Berserkjagata – The Road of the Berserks

Berserkjagata – The Road of the Berserks

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Berserkjagata The Road of the Berserks

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Berserkjagata The Road of the Berserks 64.988573, -22.930363 The name Berserkjahraun is connected to the story of the Berserks, in the tenth century AD. Vermundur mjóvi was a viking who served the king of Norway. He was awarded two berserks, Halli and Leiknir. They were exceptional fighting men, who came with him to Iceland. In Iceland the berserks worked for Víga-Styr, brother of Vermundur at Bjarnarhöfn. Soon Halli wished to marry Ásdís, the daughter of Styr. He sought the advice of chieftain Snorri goði about avoiding this marriage.  Styr agreed to the marriage if the berserks could first complete three tasks. One was to build a road across the Berserkjahraun lava flow. The other was to build a wall that could be crossed in only one direction. The third was to build a shelter in the lava. The berserks started on these impossible tasks but completed them quickly. Then Styr invited them to an underground sauna bath to rest after the difficult tasks. When they were inside, he had his men place large stones on top of the entrance to the sauna bath and the berserks were thus killed. Their remains were then buried in the lava where a large rectangular burial site can be seen today along the site of their road.  Berserkjagata is the oldest road construction known in Iceland and it is over a thousand years old.To reach the Berserkjagata (“road of the berserks”), turn off route 54 onto route 577 by the sign of the large iron shark sculpture at the road junction.  Follow route 577 to the coast. Leave the vehicle at the point marked Park on the map.  Follow the trail to the northwest into the lava.  The Berserkjagata road is an easy hike through the lava. Notice the large and rectangular stone structure close to the trail on the right hand side, about midway on the hike.  This is where the berserks were buried (marked Dys on map).  Further along you reach the wall built by the berserks, over which sheep and other animals can only pass in one direction (marked Garður on map).  A bit further along you have a view to the right ovar a small bay.  This is the inlet named Blámannavík or Bluemen´s Bay.  Blámaður in old norse languave was a black person.  We do not know the origin of the name here, but it may be connected with escaping black slaves from the farm of Bjarnarhöfn.  You emerge from the lava by a small stream.  Now you have two options.  You can either turn around and hike the Berserkjagata back again to the vehicle.  This is the better choice. Alternatively, cross the stream and turn to the left to reach the main road. In front of you is the farm of Bjarnarhöfn.  Return to the vehicle along this road to the left to reach route 557 again. (Directions)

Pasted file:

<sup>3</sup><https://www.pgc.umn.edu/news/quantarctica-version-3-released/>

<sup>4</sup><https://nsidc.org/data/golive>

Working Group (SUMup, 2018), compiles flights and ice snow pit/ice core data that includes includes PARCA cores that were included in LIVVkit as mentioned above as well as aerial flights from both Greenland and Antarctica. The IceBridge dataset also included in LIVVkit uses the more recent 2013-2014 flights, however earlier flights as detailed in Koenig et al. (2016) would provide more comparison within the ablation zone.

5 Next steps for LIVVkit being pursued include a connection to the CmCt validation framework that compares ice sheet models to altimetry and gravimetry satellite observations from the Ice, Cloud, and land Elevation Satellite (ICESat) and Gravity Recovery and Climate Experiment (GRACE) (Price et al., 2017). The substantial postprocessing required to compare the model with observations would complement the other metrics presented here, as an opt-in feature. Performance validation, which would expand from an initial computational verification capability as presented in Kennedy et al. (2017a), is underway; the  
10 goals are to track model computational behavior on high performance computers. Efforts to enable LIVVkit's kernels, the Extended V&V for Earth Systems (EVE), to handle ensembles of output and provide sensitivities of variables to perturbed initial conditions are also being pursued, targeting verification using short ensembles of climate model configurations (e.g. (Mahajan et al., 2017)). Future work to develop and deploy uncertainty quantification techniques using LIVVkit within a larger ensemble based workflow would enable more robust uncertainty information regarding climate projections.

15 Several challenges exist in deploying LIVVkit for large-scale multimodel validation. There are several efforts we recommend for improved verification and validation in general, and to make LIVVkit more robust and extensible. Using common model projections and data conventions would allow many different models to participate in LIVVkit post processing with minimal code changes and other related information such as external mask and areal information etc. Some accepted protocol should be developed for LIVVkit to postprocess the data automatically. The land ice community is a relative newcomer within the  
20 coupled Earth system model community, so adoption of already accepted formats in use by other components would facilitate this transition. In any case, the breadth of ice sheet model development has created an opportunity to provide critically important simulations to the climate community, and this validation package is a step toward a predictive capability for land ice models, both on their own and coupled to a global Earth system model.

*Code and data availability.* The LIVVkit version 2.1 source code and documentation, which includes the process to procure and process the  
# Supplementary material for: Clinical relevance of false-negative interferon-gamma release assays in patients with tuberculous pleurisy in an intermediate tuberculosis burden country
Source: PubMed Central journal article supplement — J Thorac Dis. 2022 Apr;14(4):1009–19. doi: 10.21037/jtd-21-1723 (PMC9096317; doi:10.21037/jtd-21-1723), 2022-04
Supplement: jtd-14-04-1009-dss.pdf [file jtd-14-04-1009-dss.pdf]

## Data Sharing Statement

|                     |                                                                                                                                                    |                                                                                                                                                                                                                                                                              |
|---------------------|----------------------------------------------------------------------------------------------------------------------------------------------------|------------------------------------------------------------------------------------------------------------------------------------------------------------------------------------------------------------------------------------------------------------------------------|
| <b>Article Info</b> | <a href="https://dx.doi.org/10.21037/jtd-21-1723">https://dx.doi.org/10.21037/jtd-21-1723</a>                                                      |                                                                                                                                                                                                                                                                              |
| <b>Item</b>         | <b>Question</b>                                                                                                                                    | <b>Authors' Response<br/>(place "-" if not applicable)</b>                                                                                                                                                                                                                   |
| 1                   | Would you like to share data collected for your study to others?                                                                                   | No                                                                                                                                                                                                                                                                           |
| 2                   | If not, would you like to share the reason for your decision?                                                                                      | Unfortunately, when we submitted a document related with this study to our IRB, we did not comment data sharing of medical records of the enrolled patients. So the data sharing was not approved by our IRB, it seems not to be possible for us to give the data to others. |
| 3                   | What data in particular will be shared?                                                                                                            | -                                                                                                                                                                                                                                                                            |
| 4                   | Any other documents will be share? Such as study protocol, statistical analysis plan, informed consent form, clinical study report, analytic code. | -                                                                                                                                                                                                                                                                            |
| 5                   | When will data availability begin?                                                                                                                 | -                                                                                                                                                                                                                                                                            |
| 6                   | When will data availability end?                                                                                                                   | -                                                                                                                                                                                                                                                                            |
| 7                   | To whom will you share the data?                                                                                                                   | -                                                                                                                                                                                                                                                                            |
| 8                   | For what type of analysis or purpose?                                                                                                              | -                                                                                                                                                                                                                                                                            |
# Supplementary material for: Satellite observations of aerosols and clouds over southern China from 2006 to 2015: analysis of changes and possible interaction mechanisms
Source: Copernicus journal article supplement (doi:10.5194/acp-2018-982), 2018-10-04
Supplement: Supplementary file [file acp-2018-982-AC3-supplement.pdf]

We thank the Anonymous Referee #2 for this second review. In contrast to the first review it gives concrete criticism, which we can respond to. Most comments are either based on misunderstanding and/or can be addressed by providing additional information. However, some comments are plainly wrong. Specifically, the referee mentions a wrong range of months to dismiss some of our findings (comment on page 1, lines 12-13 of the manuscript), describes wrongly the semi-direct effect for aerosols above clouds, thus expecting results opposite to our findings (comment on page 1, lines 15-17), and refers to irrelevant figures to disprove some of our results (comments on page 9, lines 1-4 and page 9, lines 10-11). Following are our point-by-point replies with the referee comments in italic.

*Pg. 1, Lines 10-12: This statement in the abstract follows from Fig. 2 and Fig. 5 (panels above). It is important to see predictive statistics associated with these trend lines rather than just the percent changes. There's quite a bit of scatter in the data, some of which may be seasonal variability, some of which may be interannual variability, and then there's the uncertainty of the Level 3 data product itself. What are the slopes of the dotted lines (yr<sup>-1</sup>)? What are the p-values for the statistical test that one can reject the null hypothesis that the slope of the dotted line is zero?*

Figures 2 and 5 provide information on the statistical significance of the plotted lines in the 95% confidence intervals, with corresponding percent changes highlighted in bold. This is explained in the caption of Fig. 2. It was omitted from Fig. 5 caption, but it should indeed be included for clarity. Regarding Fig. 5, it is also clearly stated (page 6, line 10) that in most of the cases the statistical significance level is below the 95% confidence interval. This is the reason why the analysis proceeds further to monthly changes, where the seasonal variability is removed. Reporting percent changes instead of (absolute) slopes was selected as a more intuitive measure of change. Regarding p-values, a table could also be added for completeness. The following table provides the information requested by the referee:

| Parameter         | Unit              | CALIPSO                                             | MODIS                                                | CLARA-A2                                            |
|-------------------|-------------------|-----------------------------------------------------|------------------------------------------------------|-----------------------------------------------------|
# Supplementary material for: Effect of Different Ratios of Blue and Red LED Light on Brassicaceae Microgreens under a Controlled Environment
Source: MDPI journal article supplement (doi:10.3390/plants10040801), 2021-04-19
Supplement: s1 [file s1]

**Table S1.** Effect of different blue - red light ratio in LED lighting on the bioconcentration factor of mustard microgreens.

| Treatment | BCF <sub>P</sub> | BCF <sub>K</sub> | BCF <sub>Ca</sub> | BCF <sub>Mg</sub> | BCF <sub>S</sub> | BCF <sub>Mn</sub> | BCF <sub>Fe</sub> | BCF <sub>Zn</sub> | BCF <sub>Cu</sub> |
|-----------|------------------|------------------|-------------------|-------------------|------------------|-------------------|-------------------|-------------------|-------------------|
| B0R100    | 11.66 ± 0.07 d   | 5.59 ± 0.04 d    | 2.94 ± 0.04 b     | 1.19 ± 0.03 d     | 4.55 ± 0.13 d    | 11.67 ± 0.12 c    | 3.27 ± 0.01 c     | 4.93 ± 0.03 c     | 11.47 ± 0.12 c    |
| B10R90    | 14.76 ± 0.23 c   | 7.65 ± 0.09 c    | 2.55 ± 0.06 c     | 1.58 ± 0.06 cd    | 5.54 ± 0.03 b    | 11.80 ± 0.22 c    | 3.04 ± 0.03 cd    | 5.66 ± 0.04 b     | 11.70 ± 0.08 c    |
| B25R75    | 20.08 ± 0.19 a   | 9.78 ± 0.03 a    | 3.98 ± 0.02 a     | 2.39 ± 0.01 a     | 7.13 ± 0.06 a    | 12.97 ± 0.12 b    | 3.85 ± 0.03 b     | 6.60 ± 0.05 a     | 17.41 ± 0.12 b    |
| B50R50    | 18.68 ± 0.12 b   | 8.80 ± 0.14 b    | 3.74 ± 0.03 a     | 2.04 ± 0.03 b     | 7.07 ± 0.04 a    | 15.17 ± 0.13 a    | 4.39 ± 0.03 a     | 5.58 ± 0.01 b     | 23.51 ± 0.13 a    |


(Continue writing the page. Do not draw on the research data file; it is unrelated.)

The name Berserkjahraun is connected to the story of the Berserks, in the tenth century AD. Vermundur mjóvi was a viking who served the king of Norway. He was awarded two berserks, Halli and Leiknir. They were exceptional fighting men, who came with him to Iceland. In Iceland the berserks worked for Víga-Styr, brother of Vermundur at Bjarnarhöfn. Soon Halli wished to marry Ásdís, the daughter of Styr. He sought the advice of chieftain Snorri goði about avoiding this marriage.  Styr agreed to the marriage if the berserks could first complete three tasks. One was to build a road across the Berserkjahraun lava flow. The other was to build a wall that could be crossed in only one direction. The third was to build a shelter in the lava. The berserks started on these impossible tasks but completed them quickly. Then Styr invited them to an underground sauna bath to rest after the difficult tasks. When they were inside, he had his men place large stones on top of the entrance to the sauna bath and the berserks were thus killed. Their remains were then buried in the lava where a large rectangular burial site can be seen today along the site of their road.  Berserkjagata is the oldest road construction known in Iceland and it is over a thousand years old.

To reach the Berserkjagata (“road of the berserks”), turn off route 54 onto route 577 by the sign of the large iron shark sculpture at the road junction.  Follow route 577 to the coast. Leave the vehicle at the point marked Park on the map.  Follow the trail to the northwest into the lava.  The Berserkjagata road is an easy hike through the lava. Notice the large and rectangular stone structure close to the trail on the right hand side, about midway on the hike.  This is where the berserks were buried (marked Dys on map).  Further along you reach the wall built by the berserks, over which sheep and other animals can only pass in one direction (marked Garður on map).  A bit further along you have a view to the right ovar a small bay.  This is the inlet named Blámannavík or Bluemen´s Bay.  Blámaður in old norse languave was a black person.  We do not know the origin of the name here, but it may be connected with escaping black slaves from the farm of Bjarnarhöfn.  You emerge from the lava by a small stream.  Now you have two options.  You can either turn around and hike the Berserkjagata back again to the vehicle.  This is the better choice. Alternatively, cross the stream and turn to the left to reach the main road. In front of you is the farm of Bjarnarhöfn.  Return to the vehicle along this road to the left to reach route 557 again.

Information

The Berserkjahraun lava has flowed from a 5 km long fissure with a WNW – ESE trend. It is part of the Ljósufjöll volcanic system.

Distance: 3.5 km

Elevation: 0 m

Duration: About 1 Hrs 30 Min.

Starting point: Road 577

GPS track (qpx file)